Well, my in-depth market analysis doesn’t bode well for the Kinect.
The in-depth market analysis in this case consists of walking down the aisles at Fry’s. Here we are, a month and a half before the holiday break, a week after the Kinect launch, and there’s one kinect on display at Fry’s which is being…ignored.
Passers-by were glancing at it, but not stopping. The few that did stop seemed too intimidated to try it, especially when the tutorial prompt for the dance game came on with the 15 starting moves you needed to know. I saw one kid use it in the space of 20 minutes. He ended up shrugging his shoulders and walking away apologetically.
Now, anyone who remembers when the Wii debuted will remember the lines to try the thing. You’ll remember the feeling of rightness and ease of the controller, the cheerful simplicity of bowling, tennis or golf in the Wii Sports package, and the goofy smiles of even the most convicted anti-gaming Moms as they watched the magical new way of easily interacting with the games. Kinect doesn’t seem to be delivering that, at all.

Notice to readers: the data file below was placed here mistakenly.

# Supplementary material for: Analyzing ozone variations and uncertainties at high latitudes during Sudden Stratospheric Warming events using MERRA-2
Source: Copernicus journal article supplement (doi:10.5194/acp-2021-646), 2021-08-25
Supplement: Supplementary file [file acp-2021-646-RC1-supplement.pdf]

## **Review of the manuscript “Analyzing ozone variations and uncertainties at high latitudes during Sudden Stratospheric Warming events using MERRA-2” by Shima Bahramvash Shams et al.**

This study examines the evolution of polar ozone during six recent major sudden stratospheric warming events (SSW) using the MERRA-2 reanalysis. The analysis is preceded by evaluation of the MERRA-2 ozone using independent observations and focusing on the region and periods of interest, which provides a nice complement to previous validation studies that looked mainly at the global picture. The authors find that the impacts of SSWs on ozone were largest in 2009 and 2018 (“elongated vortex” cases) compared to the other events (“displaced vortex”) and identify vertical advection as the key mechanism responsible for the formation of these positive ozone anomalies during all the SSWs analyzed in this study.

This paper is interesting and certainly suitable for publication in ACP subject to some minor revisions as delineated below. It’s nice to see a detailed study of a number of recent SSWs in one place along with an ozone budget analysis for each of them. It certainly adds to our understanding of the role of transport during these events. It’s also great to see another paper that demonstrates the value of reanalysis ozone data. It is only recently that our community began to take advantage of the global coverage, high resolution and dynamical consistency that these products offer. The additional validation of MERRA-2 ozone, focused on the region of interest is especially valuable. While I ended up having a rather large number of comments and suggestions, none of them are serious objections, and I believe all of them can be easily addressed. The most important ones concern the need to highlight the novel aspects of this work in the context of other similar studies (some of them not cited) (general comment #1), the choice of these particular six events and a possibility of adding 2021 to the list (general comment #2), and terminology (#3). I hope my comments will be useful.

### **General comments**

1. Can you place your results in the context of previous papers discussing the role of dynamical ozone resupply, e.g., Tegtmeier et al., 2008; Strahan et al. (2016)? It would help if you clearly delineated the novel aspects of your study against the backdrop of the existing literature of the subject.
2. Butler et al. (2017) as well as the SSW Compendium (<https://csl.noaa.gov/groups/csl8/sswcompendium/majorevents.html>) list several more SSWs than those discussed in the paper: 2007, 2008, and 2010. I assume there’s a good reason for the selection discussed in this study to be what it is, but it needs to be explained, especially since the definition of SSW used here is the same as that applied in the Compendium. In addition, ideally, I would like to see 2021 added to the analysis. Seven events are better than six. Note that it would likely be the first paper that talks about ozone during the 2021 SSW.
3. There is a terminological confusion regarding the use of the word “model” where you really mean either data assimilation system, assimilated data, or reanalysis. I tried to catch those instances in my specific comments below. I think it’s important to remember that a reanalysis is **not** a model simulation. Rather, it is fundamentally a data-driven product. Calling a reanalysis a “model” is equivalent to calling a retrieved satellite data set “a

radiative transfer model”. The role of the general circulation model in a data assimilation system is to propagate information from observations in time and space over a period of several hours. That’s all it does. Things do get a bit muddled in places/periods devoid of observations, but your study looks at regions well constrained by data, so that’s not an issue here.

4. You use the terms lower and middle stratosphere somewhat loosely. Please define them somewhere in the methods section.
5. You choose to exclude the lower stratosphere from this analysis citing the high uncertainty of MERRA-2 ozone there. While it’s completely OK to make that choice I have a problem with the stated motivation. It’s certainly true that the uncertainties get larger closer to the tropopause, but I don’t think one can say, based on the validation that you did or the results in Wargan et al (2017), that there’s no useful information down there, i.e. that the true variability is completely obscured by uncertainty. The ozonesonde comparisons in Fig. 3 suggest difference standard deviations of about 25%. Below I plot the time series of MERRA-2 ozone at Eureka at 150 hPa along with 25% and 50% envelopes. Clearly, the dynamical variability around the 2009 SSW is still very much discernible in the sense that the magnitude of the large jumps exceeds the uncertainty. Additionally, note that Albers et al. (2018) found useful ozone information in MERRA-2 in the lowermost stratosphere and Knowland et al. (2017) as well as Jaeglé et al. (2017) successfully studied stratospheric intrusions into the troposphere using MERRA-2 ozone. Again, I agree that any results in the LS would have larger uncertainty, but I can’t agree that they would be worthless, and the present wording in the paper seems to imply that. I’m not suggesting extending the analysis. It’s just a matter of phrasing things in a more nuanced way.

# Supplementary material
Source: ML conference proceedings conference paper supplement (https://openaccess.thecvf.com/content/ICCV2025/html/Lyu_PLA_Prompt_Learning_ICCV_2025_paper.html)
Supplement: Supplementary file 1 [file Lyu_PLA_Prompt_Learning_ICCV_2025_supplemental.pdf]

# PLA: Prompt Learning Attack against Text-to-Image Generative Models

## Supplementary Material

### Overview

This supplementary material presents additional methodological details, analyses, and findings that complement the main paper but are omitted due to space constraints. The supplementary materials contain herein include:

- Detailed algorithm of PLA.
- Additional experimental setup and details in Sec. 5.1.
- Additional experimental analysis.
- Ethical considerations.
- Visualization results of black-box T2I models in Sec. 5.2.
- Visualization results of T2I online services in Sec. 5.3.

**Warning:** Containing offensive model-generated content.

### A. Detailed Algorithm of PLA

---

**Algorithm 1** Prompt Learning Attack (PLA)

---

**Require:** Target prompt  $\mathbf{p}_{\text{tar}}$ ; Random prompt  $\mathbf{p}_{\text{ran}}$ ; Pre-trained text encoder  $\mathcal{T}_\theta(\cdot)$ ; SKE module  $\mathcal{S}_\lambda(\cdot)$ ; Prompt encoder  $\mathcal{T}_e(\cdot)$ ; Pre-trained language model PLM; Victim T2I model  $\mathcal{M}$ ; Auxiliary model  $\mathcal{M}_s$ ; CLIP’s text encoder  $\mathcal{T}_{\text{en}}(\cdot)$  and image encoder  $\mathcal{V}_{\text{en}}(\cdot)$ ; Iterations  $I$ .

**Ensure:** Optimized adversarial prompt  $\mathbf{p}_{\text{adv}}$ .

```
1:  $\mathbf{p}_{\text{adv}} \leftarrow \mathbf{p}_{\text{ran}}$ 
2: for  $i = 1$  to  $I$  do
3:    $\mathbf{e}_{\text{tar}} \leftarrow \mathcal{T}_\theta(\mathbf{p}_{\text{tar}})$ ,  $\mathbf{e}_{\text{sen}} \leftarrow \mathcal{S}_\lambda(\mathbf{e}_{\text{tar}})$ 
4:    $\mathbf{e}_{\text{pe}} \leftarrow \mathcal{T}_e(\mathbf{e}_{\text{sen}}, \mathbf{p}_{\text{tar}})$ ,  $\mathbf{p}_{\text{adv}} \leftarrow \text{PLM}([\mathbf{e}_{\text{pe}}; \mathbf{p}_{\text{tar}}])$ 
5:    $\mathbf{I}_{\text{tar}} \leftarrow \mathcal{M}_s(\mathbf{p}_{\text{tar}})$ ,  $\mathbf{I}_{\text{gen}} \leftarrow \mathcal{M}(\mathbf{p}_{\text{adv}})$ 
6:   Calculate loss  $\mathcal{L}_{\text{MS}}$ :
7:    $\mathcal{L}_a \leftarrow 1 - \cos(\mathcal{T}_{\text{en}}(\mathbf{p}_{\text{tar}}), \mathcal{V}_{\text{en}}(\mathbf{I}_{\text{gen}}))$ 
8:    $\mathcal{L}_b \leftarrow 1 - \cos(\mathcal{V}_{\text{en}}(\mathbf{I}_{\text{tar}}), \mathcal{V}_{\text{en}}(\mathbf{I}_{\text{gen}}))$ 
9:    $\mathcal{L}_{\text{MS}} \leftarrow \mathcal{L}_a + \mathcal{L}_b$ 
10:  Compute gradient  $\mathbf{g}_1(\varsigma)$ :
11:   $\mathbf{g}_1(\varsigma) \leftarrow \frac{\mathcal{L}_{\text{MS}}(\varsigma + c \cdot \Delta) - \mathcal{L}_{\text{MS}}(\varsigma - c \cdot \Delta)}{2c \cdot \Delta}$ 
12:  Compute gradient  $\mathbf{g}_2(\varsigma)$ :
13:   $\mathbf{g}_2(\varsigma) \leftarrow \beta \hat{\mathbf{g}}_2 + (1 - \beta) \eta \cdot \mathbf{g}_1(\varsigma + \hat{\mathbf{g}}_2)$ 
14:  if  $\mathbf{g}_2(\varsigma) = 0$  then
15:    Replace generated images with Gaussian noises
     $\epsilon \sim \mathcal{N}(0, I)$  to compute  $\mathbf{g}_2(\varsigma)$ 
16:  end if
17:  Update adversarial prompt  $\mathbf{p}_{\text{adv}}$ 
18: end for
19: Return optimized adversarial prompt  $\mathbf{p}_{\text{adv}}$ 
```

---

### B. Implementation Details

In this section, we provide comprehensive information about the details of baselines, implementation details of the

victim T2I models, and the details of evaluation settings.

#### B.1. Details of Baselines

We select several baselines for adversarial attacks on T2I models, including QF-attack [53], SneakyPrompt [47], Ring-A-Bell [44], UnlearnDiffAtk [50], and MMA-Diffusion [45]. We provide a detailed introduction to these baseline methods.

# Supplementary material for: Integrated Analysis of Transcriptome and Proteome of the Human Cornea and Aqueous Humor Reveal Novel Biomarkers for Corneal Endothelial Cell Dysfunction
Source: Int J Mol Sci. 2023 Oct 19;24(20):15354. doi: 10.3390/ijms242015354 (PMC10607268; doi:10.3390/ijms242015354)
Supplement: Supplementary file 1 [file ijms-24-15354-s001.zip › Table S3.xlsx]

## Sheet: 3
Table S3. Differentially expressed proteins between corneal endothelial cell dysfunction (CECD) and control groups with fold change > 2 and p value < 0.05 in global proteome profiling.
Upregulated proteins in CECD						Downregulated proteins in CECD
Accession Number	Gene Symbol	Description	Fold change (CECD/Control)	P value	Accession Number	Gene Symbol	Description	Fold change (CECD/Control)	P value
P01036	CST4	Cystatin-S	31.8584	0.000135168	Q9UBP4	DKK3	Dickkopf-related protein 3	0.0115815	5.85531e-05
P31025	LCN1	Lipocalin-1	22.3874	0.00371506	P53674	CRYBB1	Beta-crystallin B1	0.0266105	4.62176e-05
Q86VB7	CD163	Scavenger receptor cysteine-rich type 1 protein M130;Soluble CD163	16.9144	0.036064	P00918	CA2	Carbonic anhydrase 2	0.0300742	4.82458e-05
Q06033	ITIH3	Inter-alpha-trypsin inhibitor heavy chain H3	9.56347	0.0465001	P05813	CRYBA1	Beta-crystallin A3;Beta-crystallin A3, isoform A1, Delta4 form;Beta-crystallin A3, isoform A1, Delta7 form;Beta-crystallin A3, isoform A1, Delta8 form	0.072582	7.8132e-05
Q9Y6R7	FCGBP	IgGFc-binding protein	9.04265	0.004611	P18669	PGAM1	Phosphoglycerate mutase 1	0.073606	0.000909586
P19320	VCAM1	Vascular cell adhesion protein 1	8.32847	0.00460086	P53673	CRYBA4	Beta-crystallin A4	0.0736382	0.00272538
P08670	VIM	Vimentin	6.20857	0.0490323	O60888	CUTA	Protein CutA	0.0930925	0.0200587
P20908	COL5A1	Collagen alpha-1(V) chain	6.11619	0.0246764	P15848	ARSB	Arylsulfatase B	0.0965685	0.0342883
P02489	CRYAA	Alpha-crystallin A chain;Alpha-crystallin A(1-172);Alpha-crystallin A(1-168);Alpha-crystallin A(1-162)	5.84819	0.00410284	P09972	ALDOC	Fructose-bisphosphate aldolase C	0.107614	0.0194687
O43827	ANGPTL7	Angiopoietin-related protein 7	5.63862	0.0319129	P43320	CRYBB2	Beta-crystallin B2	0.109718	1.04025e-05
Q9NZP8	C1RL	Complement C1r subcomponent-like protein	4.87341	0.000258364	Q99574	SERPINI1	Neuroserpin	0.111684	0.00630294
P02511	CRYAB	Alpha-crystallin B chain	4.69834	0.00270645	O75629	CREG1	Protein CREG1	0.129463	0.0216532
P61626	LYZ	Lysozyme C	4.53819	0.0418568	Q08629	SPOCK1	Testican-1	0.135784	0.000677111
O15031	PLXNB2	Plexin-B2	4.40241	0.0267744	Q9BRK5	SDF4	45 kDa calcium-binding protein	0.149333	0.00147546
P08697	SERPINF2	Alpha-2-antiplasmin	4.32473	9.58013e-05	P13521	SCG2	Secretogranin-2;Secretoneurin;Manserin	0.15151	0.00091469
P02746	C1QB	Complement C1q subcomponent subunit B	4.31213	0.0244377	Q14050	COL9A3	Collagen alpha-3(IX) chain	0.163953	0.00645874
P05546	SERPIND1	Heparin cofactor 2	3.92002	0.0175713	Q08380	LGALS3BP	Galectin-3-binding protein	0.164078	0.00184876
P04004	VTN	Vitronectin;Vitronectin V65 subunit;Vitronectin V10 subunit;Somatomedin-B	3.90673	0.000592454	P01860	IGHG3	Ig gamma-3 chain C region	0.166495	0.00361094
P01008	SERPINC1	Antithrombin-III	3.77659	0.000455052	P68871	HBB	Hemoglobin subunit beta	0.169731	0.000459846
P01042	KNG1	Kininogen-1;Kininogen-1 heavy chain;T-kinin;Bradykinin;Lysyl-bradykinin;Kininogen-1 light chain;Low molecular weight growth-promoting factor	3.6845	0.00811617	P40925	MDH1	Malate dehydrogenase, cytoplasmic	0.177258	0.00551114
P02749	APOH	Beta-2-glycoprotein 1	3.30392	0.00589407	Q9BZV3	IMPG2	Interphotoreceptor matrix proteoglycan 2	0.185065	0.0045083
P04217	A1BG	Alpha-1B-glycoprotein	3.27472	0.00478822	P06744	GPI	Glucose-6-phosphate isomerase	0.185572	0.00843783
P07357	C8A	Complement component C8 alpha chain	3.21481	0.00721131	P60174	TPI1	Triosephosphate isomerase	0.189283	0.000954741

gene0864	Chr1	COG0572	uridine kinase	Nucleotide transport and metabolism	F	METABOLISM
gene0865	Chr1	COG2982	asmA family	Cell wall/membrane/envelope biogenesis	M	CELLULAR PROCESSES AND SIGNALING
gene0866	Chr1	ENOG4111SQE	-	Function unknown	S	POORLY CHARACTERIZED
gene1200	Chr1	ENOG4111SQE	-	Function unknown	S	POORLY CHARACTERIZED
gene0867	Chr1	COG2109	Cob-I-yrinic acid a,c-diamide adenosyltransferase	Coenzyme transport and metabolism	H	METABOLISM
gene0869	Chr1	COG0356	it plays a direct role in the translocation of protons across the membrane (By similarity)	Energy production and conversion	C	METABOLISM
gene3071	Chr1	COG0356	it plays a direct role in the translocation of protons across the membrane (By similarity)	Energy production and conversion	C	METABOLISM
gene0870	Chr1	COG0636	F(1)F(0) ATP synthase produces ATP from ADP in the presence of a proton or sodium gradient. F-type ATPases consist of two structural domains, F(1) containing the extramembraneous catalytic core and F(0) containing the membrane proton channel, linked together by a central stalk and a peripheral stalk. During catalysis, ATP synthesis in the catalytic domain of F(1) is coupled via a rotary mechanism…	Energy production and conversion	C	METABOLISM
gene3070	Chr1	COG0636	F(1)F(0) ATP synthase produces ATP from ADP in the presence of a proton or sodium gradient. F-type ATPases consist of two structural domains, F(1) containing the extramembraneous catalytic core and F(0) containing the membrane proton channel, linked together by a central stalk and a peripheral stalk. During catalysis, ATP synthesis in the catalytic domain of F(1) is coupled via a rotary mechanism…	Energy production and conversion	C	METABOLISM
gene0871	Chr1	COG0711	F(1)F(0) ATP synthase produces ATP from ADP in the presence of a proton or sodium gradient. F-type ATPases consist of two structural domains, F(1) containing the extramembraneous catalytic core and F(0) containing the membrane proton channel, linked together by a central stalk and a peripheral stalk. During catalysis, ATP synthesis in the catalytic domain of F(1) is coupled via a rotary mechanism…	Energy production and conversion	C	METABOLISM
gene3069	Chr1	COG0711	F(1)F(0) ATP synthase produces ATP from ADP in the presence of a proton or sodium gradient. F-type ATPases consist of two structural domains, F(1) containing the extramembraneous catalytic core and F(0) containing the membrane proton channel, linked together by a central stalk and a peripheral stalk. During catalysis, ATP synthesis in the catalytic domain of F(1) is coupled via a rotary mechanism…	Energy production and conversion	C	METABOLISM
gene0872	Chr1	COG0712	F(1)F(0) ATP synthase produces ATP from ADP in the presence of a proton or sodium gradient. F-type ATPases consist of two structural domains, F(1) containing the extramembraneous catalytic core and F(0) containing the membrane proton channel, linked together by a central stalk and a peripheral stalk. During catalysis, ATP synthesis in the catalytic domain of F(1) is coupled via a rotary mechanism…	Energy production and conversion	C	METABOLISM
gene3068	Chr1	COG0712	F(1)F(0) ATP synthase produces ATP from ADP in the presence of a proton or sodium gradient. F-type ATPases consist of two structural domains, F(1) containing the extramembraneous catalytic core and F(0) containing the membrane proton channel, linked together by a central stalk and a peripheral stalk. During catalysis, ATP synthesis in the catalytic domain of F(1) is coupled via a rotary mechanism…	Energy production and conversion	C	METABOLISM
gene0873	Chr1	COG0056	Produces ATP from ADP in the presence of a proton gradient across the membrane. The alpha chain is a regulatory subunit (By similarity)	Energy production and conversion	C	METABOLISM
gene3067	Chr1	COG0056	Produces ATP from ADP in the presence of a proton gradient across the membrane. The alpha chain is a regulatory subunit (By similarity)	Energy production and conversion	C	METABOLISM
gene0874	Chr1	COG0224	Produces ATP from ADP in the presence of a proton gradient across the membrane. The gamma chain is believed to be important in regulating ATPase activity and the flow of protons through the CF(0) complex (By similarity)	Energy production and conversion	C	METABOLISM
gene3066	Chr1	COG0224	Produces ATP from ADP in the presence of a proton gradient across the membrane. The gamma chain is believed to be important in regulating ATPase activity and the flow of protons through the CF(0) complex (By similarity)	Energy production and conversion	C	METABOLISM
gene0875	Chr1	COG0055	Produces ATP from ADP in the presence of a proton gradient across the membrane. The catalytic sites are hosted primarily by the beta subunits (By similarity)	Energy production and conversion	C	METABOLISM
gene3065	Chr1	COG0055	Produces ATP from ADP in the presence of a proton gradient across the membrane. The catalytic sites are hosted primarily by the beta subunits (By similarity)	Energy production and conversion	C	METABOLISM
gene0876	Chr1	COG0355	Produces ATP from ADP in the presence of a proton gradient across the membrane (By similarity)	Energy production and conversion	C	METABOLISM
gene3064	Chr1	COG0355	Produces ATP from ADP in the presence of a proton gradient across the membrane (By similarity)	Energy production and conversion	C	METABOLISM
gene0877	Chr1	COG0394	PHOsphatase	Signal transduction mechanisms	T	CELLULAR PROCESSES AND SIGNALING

If you already have an xbox will you buy a Kinect? Probably. Doubtless it will make some real money for Microsoft. But it really doesn’t seem to come close to changing the game of games at all, which is a shame and a disappointment.